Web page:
She shoved me, hard, and I went sprawling into a mass of thick and tangled shrubbery. My mostly empty cup flew out of my hands and I lost sight of it. Thistles, thorns, and branches scratches at my arms and face, but my legs were protected by my jeans — thank god for small favors, I guess. I flailed, my arms windmilling and my legs kicking, but it felt like the more I tried to escape, the more I got caught up. The shrubbery wrapped around me like dry and spiky tentacles, as though it wanted to drag me in even deeper.
For a brief moment, it felt like I was being consumed by some kind of monster. My heart raced, fear making it feel like it was going to burst right out of my chest.
“Don’t come out,” the girl said.
“What the hell —?”
“He will kill you. Stay hidden. Please.” I didn’t understand the desperation in her voice, but something about it made me stop fighting against the undergrowth. She added: “Don’t come out no matter what you hear.”
This was the second time she had mentioned a ‘he.’ There was no one else in the clearing but us, so who on earth was she talking about? And what did she mean that this ‘he’ would kill me? What was going on? Was she on drugs and just having a bad trip or something?
I couldn’t ask her anything else. She moved away from the brush she’d dunked me into, and I watched through a space between some of the spiky branches. She walked at a brisk pace, looking this way and that, and I opened my mouth to call out to her. Where did she get off shoving me into a bunch of bushes and then just leaving? What kind of prank was this? Was I going to be on YouTube tomorrow, the latest laughingstock of New Craven?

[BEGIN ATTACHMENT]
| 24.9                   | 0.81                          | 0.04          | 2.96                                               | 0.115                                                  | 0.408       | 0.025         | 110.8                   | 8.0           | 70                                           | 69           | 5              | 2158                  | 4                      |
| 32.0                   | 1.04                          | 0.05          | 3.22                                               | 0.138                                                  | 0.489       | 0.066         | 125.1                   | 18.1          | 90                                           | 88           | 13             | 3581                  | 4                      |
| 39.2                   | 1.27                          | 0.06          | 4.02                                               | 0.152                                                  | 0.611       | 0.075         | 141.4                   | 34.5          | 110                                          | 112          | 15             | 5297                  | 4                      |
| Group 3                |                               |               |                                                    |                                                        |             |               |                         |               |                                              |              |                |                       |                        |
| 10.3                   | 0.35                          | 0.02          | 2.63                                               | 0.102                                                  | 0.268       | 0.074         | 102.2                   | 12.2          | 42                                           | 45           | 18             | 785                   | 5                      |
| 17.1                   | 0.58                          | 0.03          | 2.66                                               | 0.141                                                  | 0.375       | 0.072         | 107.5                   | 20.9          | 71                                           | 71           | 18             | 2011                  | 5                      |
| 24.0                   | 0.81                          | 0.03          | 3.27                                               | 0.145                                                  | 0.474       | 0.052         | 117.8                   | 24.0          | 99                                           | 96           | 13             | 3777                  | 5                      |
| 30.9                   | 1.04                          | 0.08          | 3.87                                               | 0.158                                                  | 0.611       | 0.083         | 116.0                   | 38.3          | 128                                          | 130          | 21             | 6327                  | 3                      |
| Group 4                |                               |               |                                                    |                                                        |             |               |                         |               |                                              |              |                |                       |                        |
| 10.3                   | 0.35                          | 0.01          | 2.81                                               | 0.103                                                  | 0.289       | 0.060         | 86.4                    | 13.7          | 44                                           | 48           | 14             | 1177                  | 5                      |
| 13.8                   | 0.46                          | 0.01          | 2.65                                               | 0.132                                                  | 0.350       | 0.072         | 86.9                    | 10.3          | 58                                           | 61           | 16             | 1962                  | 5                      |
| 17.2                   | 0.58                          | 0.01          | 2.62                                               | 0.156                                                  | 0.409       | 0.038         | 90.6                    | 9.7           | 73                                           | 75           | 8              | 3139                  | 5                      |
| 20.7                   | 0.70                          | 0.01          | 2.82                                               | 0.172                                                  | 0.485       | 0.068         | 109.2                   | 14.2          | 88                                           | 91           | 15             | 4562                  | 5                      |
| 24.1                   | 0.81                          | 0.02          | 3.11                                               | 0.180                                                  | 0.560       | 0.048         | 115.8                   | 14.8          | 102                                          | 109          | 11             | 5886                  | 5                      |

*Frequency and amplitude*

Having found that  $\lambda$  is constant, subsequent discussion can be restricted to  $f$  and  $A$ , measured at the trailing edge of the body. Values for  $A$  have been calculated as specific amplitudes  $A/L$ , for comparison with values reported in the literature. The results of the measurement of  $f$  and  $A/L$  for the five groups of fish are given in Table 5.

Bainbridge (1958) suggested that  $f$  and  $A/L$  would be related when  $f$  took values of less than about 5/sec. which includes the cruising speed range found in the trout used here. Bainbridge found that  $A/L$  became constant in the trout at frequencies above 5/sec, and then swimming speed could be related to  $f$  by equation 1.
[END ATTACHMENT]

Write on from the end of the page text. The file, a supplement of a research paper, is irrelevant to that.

But then the mysterious ‘he’ arrived.
It all happened so fast that it felt like if I blinked i would miss it. Out of nowhere, a man appeared in front of the girl. I don’t know where he came from, it was as though he’d sprouted up out of the ground like a weed. The girl uttered a surprised little sound, but before she could even come to a full stop in front of him, he backhanded her across the face. The slap echoed. It was such a sharp sound that I flinched, startled.
A gasp tore out of me so hard that it hurt my throat. Nothing like this had ever happened in front of me.
He’d said nothing. He’d given no warning.
She reeled from the hit, stumbling away from him. Was he her boyfriend? An abusive family member, maybe? I needed to call the cops; and fast. I definitely wouldn’t be able to give them a good description, but what little I had would have to be better than nothing. He had pale skin and dark hair, and he wore all black. As I strained to get a better look at him, I squirmed and fished into my pocket to try and find my phone.
Sharp branches dug into me from all sides, and my limbs were bent up awkwardly, vying for room in the cramped, unforgiving space. I struggled. And while I did that, the girl regained her footing. She didn’t run, and instead started to fight back.
That is, if you could call it fighting.
She threw her hands out in front of her, her palms facing the man like she was a mime doing the trapped-in-a-glass-box act. It seemed like she wanted to block any further strikes from him, but he didn’t get the chance to try. A bright white burst of light came from her hands, quick and sharp. It was like a flashbang grenade from the video games that my friend Piper played.